This article first appeared in Search Engine Land.
What: Buying Group Marketing is the next evolution of ABM, creating a renewed focused on the individual buying groups in each account rather than simply blanketing every potential target.
Why: Marketers are looking for an improved framework that enables more targeted and personalized outreach, and ensures a more efficient use of resources.
Big Picture: Buying Group marketing is set to overtake Account-Based Marketing as the core approach for B2B. Organizations can get ahead of the trend by aligning their processes to meet this new approach.
First, you walk. Then you run. What if, instead, you learned to dance?
While Account-Based Marketing (ABM) is a key strategy today, going forward, B2B marketers will take a more holistic view. More of a dance than a race, marketing is evolving to look at the entire lifecycle and how to care for the customer relationship at each phase. Driven by this holistic approach, Forrester proclaims in its New Tech: Account-Based Marketing Q1, 2022 report that “the term Account-Based Marketing will disappear by 2025 as B2B organizations focus on the entire customer lifecycle.”
As part of this evolution: Buying Group Marketing (BGM). While ABM blankets your key accounts with messaging, BGM targets the specific people involved in purchase decisions at your key accounts. It does this through carefully crafted buying group personas and delivering custom campaigns to buying team members. It’s a person-based marketing approach versus an account-based one. BGM is about relationship building – externally and internally.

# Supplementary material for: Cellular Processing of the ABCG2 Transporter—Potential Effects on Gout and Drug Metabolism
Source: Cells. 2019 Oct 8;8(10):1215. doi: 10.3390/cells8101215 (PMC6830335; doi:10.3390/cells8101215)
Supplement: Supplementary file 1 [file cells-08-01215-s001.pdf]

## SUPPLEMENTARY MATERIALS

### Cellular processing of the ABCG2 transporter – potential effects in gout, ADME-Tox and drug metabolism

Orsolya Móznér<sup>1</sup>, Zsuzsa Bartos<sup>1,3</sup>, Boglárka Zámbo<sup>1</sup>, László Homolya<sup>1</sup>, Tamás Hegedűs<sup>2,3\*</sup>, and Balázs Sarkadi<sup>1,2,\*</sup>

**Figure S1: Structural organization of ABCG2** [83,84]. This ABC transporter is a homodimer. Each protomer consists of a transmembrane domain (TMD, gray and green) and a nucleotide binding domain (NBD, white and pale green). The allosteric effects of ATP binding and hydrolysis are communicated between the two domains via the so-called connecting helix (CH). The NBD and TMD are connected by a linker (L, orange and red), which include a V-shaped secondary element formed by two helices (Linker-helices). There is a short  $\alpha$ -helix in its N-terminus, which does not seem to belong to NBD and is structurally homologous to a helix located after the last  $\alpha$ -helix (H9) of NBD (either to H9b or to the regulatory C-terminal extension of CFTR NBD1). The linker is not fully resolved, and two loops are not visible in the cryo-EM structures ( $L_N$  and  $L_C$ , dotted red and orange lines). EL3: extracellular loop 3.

While that sounds great, the devil is in the details.
One of the keys to implementing a successful BGM strategy requires a fundamental paradigm shift in how you market. As Forrester reinforces in the New Tech report, “sales and marketing must come together to identify and prioritize buying groups for effective ABM.”
A lead isn’t something to be tossed over the wall at the MQL stage for sales to run with. Employing a BGM strategy, requires marketing and sales to work together at every stage of the customer lifecycle from awareness to deal and beyond.
If your marketing and sales alignment has looked more like a tussle than a dance in the past, it’s time to streamline your moves into elegant choreography. Here’s how you and sales can ditch your two left feet and learn to dance well together.
How BGM sales-marketing alignment works
Let’s set the scene with an example from the movie Dirty Dancing.
In this 80s classic, there is a scene where Baby (the main character) is learning to dance the Mambo with Johnny (the dance instructor). His usual partner, Penny is on the sidelines and can see that Baby is struggling to learn the steps. So, Penny steps in and guides Baby from behind while Johnny leads. And the three of them move together in fluid unison to the music until Baby gets the moves down and learns the dance.
How does this relate to Buying Group Marketing?
In an effective BGM strategy, Johnny represents the sales team, Penny represents the marketing team, and Baby is the prospect. Marketing and sales work together to guide the prospect into finding the right steps and rhythm that will help them succeed.
This is a fundamental shift in how sales and marketing has traditionally worked together. With BGM, marketing is no longer stuck on one side (or in Dirty Dancing… the corner) of the MQL wall but involved in all the stages of the process. Because of this, each department needs to know the steps and be able to dance together first. Then they can bring the prospect in and teach them to dance, too.
5 Steps to improve your marketing and sales alignment
Below are five key areas to help you improve your marketing and sales alignment for an effective BGM strategy:
1. Align goals and operations